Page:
Tell the truth: did anybody think Green Day would still be around in 2004? Ten years ago, when they blew up into the hot summer band of 1994, they were snotty little Berkeley, California, punk kids who sounded ready to pogo off the face of the earth in three-chord tantrums such as "Basket Case." Between Billie Joe Armstrong's adenoidal snarl and Tre Cool's maniac drums, Green Day seemed like a Saturday-morning-cartoon version of The Young Ones, three cheeky monkeys who came to raid the bar and disappear. But here they are with American Idiot: a fifty-seven-minute politically charged epic depicting a character named Jesus of Suburbia as he suffers through the decline and fall of the American dream. And all this from the boys who brought you Dookie.
American Idiot is the kind of old-school rock opera that went out of style when Keith Moon still had a valid driver's license, in the tradition of the Who's Tommy, Yes' Relayer or Styx's Kilroy Was Here. Since Green Day are punk rockers, they obviously have a specific model in mind: Husker Du's 1984 Zen Arcade, which showed how a street-level hardcore band could play around with storytelling without diluting the primal anger of the music. On American Idiot, the thirteen tracks segue together, expanding into piano balladry and acoustic country shuffles. The big statement "Jesus of Suburbia" is a nine-minute five-part suite, with Roman-numeral chapters including "City of the Damned," "Dearly Beloved" and "Tales of Another Broken Home."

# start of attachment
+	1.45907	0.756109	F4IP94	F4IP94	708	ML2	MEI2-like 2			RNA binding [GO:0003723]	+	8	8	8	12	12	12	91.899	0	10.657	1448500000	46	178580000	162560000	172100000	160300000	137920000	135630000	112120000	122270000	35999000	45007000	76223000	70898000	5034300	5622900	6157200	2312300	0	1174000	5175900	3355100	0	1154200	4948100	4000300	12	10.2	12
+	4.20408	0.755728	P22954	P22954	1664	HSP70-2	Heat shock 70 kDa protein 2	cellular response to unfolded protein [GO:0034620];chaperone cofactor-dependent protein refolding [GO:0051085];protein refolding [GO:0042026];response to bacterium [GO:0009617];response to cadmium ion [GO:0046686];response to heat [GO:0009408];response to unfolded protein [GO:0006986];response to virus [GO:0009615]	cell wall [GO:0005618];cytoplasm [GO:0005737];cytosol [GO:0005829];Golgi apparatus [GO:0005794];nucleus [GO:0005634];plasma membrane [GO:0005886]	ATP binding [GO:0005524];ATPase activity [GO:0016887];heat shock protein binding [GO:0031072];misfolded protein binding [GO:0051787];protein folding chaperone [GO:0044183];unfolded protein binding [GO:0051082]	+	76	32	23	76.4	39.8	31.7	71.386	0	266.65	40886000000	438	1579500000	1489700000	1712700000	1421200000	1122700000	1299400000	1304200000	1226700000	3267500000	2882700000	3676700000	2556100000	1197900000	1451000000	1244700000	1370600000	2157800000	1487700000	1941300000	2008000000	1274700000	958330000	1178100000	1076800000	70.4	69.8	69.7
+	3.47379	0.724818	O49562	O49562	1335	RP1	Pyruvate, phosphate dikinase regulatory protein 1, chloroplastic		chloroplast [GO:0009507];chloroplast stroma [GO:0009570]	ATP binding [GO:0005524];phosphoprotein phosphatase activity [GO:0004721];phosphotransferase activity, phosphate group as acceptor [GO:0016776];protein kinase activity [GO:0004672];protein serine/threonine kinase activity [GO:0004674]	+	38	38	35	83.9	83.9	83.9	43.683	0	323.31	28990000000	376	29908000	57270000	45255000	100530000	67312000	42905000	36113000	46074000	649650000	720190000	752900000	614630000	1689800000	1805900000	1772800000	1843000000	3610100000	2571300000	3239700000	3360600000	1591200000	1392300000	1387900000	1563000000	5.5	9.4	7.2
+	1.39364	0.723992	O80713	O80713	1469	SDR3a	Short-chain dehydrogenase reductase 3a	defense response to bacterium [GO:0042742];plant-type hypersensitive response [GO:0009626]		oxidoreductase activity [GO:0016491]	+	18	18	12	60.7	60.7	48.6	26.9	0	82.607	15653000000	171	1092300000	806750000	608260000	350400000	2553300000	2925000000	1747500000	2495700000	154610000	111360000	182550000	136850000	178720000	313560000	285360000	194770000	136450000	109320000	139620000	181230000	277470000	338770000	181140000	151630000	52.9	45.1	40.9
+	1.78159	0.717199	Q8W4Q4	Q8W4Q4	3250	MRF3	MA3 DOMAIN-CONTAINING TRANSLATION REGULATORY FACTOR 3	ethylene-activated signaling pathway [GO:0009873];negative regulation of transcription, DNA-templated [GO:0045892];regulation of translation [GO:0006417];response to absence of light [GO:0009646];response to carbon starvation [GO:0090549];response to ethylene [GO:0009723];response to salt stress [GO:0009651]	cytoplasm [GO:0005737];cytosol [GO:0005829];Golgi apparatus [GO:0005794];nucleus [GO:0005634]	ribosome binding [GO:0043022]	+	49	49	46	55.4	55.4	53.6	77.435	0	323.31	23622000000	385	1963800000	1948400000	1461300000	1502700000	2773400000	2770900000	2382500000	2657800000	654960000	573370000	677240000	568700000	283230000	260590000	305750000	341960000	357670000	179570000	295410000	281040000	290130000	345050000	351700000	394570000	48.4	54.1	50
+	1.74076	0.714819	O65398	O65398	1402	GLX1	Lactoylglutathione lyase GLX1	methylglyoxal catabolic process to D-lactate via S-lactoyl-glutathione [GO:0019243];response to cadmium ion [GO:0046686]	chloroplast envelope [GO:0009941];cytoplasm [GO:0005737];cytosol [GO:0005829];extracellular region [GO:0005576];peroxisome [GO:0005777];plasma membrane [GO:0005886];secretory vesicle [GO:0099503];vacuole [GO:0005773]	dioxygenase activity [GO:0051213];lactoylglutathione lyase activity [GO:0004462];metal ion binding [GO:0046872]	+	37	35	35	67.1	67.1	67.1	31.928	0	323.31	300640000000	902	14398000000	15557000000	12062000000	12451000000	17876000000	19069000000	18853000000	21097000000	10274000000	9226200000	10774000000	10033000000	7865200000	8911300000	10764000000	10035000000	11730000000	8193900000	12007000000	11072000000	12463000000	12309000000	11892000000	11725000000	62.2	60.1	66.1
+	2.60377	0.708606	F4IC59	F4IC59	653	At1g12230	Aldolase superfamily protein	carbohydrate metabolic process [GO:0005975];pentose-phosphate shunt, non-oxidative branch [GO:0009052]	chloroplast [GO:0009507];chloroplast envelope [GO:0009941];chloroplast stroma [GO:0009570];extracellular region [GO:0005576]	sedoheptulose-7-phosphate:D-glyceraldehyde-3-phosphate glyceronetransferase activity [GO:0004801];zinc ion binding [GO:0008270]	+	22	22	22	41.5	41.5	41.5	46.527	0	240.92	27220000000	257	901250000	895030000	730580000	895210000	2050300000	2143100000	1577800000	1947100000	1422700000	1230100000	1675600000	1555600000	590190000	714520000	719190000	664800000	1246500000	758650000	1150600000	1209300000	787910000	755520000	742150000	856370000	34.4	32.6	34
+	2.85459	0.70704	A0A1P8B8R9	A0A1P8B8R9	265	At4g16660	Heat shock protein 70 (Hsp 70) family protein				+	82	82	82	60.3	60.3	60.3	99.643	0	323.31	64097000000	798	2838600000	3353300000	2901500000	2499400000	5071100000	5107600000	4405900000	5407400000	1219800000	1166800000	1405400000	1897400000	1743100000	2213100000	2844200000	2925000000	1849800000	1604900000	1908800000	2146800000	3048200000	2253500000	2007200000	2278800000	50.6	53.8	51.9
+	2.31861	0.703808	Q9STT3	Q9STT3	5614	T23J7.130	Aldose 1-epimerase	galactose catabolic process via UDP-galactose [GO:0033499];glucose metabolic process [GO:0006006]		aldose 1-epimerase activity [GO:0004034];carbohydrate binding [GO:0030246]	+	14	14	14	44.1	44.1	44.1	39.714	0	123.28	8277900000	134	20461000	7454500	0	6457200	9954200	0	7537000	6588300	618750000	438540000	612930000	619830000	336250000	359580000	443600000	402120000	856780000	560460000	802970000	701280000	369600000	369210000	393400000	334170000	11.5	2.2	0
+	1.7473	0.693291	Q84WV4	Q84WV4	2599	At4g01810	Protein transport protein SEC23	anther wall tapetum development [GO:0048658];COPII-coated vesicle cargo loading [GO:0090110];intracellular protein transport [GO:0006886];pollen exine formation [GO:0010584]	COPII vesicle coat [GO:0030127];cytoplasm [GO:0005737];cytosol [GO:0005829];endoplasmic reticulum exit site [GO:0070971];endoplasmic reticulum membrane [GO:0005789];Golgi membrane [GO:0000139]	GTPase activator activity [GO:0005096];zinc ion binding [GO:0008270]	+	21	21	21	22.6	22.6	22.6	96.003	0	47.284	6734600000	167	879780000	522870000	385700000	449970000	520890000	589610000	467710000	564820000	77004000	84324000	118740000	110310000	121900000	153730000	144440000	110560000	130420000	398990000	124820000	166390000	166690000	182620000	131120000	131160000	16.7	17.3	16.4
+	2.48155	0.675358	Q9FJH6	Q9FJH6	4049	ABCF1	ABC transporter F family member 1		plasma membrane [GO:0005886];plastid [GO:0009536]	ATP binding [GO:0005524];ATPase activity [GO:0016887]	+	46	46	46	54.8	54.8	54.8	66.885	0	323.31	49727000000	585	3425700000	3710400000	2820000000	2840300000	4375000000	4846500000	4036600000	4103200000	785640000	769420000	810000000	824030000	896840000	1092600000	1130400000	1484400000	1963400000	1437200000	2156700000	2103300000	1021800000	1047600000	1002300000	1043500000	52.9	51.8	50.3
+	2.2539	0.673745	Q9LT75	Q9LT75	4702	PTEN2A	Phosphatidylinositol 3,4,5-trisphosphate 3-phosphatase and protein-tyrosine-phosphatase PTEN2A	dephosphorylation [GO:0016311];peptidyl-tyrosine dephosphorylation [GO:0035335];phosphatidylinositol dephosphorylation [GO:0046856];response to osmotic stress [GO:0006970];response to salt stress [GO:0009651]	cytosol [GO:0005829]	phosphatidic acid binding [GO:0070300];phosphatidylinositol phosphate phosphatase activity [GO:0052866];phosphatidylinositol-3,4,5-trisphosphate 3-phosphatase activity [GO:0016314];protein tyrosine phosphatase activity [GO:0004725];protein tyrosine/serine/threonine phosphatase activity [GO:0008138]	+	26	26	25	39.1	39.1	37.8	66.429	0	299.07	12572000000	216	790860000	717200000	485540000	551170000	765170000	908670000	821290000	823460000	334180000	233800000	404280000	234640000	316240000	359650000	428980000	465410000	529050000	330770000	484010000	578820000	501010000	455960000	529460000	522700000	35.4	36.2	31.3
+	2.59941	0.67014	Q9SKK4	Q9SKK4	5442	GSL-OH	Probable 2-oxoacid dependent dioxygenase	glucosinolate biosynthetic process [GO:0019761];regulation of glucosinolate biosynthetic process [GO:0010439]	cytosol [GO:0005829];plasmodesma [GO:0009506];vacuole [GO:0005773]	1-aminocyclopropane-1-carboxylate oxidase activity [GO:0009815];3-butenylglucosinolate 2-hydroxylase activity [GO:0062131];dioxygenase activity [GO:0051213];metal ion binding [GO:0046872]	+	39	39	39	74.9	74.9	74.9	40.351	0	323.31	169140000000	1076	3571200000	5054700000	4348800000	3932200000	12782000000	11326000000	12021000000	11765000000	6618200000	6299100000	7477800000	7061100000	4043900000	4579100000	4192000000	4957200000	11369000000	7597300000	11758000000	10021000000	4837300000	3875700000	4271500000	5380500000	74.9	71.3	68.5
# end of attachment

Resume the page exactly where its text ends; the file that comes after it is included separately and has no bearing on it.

American Idiot could have been a mess; in fact, it is a mess. The plot has characters with names such as St. Jimmy and Whatsername, young rebels who end up on the "Boulevard of Broken Dreams." But the individual tunes are tough and punchy enough to work on their own. You can guess who the "American Idiot" is in the bang-up title tune, as Armstrong rages against the "subliminal mind-fuck America" of the George W. Bush era: "Welcome to a new kind of tension/All across the alien nation." Green Day have always swiped licks from the Clash, even back when they were still singing about high school shrinks and whores, so it makes sense for them to come on like Joe Strummer. The other Clash flashback is "Are We the Waiting," a grandiose ballad evoking Side Three of London Calling. "Wake Me Up When September Ends" is an acoustic power ballad, a sadder, more adult sequel to "Good Riddance (Time of Your Life)." Even better, there are punk ravers such as "Give Me Novocaine," "Extraordinary Girl" and "Letterbomb," which bites off a big juicy chunk of the Cheap Trick oldie "She's Tight."
Since rock operas are self-conscious and pompous beasts by definition, Green Day obligingly cram all their bad ideas into one monstrously awful track, the nine-minute "Homecoming," which sounds like the Who's "A Quick One While He's Away" without any of the funny parts. But aside from that, Idiot doesa fine job of revving up the basic Green Dayconceit, adding emotional flavor to top-shelf Armstrong songs. They don't skimp on basic tunefulness — not even in the other big nine-minute track, "Jesus of Suburbia," which packs in punk thrash, naked piano, glockenspiel, Beach Boys harmonies and a Springsteen-style production number about a 7-Eleven parking lot where there are some mystical goings-down indeed. Against all odds, Green Day have found a way to hit their thirties without either betraying their original spirit or falling on their faces. Good Charlotte, you better be taking notes.